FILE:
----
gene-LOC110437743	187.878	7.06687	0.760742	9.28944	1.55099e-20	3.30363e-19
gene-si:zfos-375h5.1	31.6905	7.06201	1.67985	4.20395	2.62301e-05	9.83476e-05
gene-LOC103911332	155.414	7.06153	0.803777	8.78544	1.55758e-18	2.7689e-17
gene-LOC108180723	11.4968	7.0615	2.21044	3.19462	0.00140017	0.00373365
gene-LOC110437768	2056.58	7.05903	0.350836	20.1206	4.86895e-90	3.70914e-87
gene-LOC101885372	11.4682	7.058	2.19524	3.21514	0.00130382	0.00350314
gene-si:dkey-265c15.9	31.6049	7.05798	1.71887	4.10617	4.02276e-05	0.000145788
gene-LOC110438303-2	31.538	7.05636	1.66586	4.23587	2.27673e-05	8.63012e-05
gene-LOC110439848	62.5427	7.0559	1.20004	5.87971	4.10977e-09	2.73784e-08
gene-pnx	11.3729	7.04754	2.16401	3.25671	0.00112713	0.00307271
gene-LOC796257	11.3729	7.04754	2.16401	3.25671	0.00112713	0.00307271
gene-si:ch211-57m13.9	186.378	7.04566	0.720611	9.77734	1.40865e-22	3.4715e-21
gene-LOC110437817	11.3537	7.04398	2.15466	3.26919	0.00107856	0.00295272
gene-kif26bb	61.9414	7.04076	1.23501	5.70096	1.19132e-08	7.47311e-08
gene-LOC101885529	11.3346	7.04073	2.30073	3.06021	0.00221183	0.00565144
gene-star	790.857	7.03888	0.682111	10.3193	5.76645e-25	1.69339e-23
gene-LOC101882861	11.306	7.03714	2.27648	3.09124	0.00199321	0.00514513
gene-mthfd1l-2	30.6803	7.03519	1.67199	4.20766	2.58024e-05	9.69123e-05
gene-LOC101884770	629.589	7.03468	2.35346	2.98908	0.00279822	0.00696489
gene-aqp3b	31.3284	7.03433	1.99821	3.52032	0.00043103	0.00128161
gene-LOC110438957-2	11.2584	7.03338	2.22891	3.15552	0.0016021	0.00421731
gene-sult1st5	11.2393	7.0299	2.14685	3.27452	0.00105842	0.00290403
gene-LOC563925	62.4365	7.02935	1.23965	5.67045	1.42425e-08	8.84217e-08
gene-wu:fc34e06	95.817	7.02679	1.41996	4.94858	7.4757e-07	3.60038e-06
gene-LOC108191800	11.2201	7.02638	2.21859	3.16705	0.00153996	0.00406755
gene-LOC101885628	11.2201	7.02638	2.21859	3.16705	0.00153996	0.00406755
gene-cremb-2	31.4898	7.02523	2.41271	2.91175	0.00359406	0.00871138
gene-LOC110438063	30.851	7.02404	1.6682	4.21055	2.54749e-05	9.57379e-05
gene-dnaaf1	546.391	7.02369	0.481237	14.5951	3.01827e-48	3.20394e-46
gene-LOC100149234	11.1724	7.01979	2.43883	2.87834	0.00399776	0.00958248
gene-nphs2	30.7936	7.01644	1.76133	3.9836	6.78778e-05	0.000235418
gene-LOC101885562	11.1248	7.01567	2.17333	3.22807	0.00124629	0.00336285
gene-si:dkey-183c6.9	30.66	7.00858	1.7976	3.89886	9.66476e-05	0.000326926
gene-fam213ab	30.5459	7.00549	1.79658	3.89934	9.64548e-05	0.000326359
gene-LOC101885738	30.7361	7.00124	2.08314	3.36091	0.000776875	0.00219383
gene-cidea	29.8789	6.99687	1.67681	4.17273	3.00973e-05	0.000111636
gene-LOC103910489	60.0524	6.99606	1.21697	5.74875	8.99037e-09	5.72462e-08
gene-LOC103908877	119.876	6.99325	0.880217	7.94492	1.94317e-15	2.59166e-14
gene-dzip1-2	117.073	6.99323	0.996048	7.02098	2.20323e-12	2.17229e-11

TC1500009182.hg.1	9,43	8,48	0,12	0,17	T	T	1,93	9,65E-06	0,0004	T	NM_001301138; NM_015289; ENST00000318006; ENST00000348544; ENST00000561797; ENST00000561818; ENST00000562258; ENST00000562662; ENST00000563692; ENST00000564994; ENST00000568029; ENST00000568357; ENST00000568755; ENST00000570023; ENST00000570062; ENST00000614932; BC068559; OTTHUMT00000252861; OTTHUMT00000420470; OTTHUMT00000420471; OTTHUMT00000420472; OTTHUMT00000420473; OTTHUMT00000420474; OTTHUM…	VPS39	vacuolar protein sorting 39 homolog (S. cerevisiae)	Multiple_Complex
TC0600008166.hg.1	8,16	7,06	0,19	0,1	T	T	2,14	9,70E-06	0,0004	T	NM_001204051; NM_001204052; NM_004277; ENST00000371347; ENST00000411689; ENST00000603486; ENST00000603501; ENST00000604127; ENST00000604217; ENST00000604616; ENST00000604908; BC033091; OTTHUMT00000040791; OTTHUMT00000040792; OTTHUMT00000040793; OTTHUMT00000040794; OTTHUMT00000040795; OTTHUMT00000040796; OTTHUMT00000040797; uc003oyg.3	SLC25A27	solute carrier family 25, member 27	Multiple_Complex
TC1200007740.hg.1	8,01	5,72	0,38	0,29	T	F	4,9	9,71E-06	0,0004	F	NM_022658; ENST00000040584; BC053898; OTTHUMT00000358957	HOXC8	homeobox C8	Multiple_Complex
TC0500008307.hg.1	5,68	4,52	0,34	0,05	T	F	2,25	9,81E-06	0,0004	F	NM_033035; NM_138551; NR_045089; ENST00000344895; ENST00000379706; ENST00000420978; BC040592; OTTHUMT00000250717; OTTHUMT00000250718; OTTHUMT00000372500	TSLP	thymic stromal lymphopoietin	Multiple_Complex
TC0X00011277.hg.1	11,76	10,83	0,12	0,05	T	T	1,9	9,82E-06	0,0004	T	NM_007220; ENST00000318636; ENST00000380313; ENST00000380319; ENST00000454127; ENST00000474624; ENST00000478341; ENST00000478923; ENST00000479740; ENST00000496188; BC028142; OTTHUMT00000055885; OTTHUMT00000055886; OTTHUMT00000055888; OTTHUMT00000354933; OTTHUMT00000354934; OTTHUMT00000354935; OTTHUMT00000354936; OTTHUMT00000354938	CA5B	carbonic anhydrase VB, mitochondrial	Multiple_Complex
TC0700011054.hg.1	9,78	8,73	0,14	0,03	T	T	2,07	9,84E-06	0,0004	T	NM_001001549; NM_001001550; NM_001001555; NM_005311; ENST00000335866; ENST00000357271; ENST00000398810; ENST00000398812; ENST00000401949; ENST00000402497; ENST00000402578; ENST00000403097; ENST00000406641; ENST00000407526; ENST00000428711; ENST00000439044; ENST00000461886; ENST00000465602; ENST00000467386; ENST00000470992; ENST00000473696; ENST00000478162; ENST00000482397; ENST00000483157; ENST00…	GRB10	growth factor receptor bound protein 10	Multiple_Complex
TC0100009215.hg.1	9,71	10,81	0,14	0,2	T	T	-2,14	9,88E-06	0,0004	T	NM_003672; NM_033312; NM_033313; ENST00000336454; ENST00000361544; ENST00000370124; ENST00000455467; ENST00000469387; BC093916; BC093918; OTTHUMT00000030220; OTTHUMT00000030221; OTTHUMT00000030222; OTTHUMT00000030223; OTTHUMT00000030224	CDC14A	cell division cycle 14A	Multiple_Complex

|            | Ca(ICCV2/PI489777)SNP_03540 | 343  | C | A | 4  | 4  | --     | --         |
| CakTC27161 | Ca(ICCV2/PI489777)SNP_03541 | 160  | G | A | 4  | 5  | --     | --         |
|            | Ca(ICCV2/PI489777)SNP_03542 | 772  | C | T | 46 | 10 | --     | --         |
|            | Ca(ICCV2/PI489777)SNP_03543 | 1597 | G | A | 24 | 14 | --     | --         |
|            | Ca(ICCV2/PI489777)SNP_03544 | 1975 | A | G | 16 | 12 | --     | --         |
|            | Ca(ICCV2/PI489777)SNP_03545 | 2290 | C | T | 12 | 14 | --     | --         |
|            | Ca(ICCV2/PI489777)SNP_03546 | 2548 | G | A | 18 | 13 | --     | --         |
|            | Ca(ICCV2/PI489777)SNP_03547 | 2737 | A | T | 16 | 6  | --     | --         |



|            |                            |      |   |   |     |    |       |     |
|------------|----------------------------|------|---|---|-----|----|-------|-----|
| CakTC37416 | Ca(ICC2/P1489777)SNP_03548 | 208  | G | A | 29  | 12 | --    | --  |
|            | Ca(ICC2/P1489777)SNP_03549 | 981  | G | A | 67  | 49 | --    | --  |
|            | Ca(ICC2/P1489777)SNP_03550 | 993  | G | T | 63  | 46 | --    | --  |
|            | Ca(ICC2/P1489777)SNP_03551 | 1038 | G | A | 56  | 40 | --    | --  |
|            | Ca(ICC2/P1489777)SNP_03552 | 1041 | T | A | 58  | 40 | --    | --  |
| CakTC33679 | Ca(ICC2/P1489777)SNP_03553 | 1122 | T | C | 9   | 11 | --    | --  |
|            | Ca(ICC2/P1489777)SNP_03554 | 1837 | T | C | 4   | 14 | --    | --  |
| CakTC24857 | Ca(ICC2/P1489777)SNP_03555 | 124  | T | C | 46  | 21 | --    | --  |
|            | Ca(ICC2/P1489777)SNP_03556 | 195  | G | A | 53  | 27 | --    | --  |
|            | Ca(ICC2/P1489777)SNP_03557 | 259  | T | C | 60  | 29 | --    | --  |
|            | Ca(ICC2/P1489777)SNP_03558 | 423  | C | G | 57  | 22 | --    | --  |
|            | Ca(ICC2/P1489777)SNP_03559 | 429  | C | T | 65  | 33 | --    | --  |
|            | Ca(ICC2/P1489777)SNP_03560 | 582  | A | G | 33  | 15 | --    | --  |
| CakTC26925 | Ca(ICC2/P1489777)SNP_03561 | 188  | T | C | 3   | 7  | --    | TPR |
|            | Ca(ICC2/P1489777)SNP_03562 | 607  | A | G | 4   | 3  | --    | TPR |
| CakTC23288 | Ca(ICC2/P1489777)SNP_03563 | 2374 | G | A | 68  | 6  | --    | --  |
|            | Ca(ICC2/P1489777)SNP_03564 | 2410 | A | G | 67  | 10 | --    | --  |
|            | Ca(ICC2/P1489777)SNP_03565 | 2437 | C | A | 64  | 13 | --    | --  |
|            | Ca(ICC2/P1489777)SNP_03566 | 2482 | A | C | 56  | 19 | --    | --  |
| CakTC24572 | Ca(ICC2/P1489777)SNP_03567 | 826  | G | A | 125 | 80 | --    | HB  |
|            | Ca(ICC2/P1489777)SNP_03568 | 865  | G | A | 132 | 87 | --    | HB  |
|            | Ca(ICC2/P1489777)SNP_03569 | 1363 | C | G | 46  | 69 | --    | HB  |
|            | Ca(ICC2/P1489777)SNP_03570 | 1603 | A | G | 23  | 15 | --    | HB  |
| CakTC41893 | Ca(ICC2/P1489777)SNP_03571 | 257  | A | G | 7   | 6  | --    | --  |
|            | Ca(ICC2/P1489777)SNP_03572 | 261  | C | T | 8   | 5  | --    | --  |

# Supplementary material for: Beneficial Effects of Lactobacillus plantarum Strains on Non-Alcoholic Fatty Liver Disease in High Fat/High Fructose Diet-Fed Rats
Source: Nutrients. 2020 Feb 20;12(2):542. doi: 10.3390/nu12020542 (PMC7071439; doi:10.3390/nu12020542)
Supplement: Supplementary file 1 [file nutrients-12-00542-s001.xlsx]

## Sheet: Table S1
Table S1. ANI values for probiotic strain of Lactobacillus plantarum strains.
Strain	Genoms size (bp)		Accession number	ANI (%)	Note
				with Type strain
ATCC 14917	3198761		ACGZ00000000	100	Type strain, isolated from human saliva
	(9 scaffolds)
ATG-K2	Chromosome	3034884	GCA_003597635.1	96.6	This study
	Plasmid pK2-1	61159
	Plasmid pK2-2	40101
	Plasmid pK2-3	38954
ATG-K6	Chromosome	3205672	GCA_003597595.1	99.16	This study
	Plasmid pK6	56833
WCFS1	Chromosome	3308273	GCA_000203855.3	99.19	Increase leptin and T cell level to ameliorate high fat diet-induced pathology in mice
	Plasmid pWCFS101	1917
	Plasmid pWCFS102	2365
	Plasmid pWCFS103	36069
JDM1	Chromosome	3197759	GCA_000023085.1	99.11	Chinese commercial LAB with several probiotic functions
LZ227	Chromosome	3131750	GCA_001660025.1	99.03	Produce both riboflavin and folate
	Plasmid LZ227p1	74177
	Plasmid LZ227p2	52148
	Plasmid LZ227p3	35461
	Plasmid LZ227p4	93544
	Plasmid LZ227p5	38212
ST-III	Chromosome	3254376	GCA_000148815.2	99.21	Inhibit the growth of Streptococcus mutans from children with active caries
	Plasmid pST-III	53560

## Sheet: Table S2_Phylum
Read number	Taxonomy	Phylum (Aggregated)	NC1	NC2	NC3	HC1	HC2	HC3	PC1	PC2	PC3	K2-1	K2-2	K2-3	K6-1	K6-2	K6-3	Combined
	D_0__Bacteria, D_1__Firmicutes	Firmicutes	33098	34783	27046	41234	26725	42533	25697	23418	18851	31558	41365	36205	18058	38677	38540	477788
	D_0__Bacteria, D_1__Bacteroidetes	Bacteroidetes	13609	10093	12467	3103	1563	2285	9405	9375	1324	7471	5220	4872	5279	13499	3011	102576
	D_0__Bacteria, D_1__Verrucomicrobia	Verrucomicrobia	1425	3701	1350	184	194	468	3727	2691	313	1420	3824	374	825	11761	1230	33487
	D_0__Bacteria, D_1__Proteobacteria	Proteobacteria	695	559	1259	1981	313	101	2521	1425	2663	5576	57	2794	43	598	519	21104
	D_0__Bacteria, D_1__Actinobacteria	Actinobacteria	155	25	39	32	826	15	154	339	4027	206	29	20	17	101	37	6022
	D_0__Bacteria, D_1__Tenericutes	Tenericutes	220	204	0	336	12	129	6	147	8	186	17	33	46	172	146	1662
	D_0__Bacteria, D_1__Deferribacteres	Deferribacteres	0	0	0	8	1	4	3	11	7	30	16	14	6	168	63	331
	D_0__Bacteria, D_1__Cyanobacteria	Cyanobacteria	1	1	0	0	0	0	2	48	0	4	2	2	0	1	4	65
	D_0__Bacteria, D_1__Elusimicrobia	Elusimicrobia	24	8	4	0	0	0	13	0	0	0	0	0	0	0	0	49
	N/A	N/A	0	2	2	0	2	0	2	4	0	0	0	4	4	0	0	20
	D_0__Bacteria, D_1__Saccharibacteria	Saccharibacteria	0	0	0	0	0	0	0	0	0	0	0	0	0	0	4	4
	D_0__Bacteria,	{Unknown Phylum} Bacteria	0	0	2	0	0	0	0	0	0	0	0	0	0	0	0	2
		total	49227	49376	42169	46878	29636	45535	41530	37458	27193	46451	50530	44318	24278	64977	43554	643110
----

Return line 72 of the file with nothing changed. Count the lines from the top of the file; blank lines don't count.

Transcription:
| CakTC23288 | Ca(ICC2/P1489777)SNP_03563 | 2374 | G | A | 68  | 6  | --    | --  |